Will Christians in Iraq Survive the Aftermath of ISIS?

The 4th century monastery of St. Matthew. ISIS fighters were four kilometers from Iraq’s oldest monastery, which houses the tomb of a saint revered by Syriac Christianity, Alfaf, Iraq, Nov. 2, 2016. (PHOTO CREDIT: J. Dettmer/VOA)
The 4th century monastery of St. Matthew. ISIS fighters were four kilometers from Iraq’s oldest monastery, which houses the tomb of a saint revered by Syriac Christianity, Alfaf, Iraq, Nov. 2, 2016. (PHOTO CREDIT: J. Dettmer/VOA)

“Daesh were in the road, they reached the road between the two villages just down there, then they retreated, maybe two or three of their pick-ups reached there and then they went back to Bashiqa city,” says head monk Yousif Ibrahim, one of the Assyrian Orthodox priests and a guardian of the tomb of St. Matthew, or Mor Mattai, a 4th century monk revered as a saint in Syriac Christian churches.

“It was the will of our God to protect the monastery” from the Islamic State terror group, says the 42-year-old monk, who was born in Mosul, 20 kilometers away and which can be seen from the monastery, the oldest in Iraq, from its perch on the side of the rugged Mount Alfaf.

Columns of black and white smoke are pluming from the city, especially from two of its eastern neighborhoods, which Iraqi elite forces this week managed to overrun after fierce fighting.

The monastery was founded in 363 by the hermit Mor Mattai after he fled persecution in Amid, now modern Diyarbakır, under the Roman Emperor Julian the Apostate. Pilgrims have traditionally come to the monastery in search of divine help. Some sleep in the room housing the tomb or near by, hoping the saint will cure an illness or bless them with a longed-for child.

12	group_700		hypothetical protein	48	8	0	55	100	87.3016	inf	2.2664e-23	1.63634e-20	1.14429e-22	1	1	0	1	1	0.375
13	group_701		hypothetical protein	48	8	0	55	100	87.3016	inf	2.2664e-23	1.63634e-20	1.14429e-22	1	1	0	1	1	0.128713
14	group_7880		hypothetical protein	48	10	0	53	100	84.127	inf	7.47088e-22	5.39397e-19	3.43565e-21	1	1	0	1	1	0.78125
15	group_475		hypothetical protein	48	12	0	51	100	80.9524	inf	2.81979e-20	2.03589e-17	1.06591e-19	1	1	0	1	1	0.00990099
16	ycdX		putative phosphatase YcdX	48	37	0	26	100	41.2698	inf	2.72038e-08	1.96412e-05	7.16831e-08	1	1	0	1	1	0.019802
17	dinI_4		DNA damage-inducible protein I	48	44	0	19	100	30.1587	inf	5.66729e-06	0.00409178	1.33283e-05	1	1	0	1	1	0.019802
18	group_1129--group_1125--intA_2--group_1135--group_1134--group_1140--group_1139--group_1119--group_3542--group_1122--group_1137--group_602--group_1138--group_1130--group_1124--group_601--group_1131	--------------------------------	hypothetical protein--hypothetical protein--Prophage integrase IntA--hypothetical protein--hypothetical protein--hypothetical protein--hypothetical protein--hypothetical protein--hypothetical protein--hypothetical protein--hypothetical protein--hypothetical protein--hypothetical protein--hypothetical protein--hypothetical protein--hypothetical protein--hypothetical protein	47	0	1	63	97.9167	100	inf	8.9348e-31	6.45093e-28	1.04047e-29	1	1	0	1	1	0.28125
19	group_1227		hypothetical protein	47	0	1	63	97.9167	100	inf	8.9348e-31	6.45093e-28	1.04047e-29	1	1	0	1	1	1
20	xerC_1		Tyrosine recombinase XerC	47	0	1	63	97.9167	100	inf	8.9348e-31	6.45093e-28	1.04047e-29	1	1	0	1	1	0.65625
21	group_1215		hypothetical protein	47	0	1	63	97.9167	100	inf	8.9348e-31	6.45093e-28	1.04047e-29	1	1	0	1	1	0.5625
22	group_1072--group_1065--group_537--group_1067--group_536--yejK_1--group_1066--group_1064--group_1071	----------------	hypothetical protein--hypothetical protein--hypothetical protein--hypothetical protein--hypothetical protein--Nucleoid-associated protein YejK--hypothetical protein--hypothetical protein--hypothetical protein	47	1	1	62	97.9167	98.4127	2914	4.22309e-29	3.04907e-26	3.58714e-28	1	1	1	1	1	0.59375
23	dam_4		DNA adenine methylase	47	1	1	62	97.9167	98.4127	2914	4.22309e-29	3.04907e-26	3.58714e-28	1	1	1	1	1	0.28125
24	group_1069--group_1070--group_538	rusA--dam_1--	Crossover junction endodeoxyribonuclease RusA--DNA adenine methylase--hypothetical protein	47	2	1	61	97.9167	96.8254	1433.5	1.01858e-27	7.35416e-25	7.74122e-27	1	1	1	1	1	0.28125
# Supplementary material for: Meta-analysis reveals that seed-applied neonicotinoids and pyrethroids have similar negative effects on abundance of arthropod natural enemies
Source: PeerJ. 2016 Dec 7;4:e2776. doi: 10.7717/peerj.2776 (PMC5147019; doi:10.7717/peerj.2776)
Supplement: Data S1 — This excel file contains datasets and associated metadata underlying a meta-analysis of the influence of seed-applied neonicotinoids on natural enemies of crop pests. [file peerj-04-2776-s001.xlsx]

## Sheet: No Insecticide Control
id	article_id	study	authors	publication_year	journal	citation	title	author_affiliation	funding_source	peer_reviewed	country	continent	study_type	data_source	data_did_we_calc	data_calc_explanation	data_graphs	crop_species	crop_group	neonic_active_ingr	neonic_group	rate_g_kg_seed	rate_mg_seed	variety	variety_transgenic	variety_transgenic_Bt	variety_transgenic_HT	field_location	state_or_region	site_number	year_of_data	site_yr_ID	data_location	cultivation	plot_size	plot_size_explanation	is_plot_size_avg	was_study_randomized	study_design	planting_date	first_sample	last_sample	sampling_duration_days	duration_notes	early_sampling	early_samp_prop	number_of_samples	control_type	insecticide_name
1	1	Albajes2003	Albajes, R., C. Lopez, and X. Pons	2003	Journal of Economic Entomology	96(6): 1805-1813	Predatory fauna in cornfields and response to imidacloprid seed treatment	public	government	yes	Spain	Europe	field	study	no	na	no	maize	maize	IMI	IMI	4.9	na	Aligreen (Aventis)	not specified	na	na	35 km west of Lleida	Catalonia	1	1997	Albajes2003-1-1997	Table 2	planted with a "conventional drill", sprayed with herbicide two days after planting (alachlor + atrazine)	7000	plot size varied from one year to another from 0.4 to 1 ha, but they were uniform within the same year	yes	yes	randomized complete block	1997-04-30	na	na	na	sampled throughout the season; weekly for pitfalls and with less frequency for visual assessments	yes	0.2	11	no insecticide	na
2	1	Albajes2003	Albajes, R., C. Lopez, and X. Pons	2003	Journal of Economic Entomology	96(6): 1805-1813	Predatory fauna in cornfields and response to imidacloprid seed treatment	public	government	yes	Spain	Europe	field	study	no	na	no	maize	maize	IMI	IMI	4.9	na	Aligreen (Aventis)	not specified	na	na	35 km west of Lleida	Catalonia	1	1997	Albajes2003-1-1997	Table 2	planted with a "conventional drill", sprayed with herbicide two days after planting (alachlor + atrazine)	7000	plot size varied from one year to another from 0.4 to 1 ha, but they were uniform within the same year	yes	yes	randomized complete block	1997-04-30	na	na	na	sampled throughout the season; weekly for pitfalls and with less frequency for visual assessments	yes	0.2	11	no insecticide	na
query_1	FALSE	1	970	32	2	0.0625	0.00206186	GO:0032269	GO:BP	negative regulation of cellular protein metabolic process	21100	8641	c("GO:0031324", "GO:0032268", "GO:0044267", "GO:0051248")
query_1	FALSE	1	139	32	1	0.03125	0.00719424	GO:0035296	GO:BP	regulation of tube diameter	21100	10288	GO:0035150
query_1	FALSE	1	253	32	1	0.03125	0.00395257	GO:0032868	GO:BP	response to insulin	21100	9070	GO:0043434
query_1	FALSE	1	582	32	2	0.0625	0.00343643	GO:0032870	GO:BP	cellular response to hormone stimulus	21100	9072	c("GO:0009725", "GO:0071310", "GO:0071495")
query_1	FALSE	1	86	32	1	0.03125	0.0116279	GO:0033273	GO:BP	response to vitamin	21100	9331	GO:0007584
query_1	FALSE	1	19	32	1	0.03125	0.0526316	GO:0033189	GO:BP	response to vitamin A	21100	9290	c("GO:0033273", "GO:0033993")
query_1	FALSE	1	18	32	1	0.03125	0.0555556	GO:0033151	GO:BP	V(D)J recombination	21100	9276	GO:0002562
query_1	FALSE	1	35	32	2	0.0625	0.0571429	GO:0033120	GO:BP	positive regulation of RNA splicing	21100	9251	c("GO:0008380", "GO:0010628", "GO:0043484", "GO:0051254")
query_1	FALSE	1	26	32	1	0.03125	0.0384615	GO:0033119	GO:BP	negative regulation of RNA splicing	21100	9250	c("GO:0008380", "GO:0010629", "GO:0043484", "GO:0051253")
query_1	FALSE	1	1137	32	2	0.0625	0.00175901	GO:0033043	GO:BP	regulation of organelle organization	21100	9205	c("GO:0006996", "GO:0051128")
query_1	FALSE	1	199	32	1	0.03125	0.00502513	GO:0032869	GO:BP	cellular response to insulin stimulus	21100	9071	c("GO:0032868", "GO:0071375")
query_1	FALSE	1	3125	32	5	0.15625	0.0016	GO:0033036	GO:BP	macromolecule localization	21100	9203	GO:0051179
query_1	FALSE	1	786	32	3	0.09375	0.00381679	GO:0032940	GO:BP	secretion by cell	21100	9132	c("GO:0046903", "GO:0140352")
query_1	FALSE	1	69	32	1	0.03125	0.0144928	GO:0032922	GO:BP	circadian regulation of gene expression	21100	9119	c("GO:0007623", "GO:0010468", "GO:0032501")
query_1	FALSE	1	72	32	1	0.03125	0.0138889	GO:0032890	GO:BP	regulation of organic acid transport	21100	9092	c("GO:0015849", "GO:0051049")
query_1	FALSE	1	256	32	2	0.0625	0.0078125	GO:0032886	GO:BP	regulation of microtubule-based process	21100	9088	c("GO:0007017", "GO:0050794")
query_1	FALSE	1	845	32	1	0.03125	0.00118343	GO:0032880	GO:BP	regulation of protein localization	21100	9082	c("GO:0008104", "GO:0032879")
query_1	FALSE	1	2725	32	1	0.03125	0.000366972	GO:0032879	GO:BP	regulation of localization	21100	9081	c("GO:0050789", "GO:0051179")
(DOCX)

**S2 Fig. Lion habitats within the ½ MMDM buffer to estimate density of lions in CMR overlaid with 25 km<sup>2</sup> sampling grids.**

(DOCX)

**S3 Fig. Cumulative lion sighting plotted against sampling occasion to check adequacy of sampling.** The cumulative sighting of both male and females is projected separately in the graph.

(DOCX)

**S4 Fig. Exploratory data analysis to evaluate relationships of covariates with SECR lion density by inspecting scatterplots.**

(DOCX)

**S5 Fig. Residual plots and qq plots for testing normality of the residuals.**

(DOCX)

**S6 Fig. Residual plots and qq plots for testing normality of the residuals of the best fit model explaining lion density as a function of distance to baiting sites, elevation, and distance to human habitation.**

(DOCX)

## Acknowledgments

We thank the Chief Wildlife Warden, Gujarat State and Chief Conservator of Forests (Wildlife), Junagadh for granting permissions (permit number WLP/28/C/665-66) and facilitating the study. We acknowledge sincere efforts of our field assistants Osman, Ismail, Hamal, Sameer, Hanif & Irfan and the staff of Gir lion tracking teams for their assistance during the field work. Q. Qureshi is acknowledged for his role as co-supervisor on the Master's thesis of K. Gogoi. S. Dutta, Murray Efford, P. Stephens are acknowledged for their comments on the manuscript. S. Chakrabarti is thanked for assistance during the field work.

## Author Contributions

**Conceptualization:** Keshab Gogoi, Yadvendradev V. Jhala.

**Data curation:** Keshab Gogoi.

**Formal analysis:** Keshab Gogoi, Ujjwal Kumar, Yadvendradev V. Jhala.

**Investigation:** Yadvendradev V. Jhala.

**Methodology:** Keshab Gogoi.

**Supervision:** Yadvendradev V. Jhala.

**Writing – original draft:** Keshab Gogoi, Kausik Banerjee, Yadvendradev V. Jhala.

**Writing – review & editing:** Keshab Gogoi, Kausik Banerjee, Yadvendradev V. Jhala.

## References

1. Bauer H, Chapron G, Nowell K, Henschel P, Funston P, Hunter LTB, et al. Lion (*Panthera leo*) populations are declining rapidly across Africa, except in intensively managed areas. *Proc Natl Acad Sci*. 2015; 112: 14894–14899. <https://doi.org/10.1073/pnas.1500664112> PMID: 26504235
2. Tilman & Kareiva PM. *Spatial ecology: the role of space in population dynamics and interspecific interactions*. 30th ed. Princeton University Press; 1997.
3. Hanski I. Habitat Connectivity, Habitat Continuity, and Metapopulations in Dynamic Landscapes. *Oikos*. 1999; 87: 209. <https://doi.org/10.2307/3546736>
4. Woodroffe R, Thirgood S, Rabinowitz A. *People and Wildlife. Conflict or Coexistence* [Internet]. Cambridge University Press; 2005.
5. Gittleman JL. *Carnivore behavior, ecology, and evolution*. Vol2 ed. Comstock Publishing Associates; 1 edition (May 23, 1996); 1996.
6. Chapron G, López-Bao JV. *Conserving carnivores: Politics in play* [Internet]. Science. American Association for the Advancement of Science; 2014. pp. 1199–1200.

For two years — from August 2014 when IS militants seized Mosul and swept across Iraq’s Nineveh plains — the seven monks of St. Matthew’s monastery refused to leave and were protected by a small detachment of Kurdish peshmerga fighters.

Four kilometers of windy road separated Daesh from the sandy-colored walls of the monastery, which houses not only the tomb of the Mor Mattai but also a library of ancient Christian manuscripts. Many precious relics, including the saint’s bones, were transported for safe-keeping to the capital of Iraqi Kurdistan, Irbil, an hour’s drive away.

Even so, IS would have had a field day, no doubt, in wrecking the monastery, making it yet another victim of the relentless destruction of heritage and religious sites the terrorist group considers heretical. In Mosul, the militants reduced to rubble last year the 1,400-year-old St Elijah monastery, where the Greek letters chi and rho, representing the first two letters of Christ’s name, were carved at the entrance.

“We have been waiting for two years for the Nineveh plains to be liberated,” says Yousif. But even when the plains have been cleared of IS militants, the head monk fears what will happen next.

Like most Christians VOA has interviewed in the last week, Yousif remains pessimistic about the future of Christianity in Iraq. “Our people are looking for a guarantee for the tragedy not to be repeated — you have to understand that our problems predate Daesh,” says Yousif.

“When visiting Mosul even before Daesh I wouldn’t wear my religious clothes,” says the bearded monk, who, when he isn’t talking about dark things, has an infectious laugh. He points to the killing of Christians in 2006 in Mosul in a wave of sectarian violence that took also the life of his older brother. Much of the fury powering that episode of Sunni Muslim violence was in reaction to Pope Benedict XVI’s public reflections on Islam during a tour in Germany — when he quoted a 14th-century Byzantine emperor as calling Islam “evil and inhuman.”

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SOURCE: VOA News, Jamie Dettmer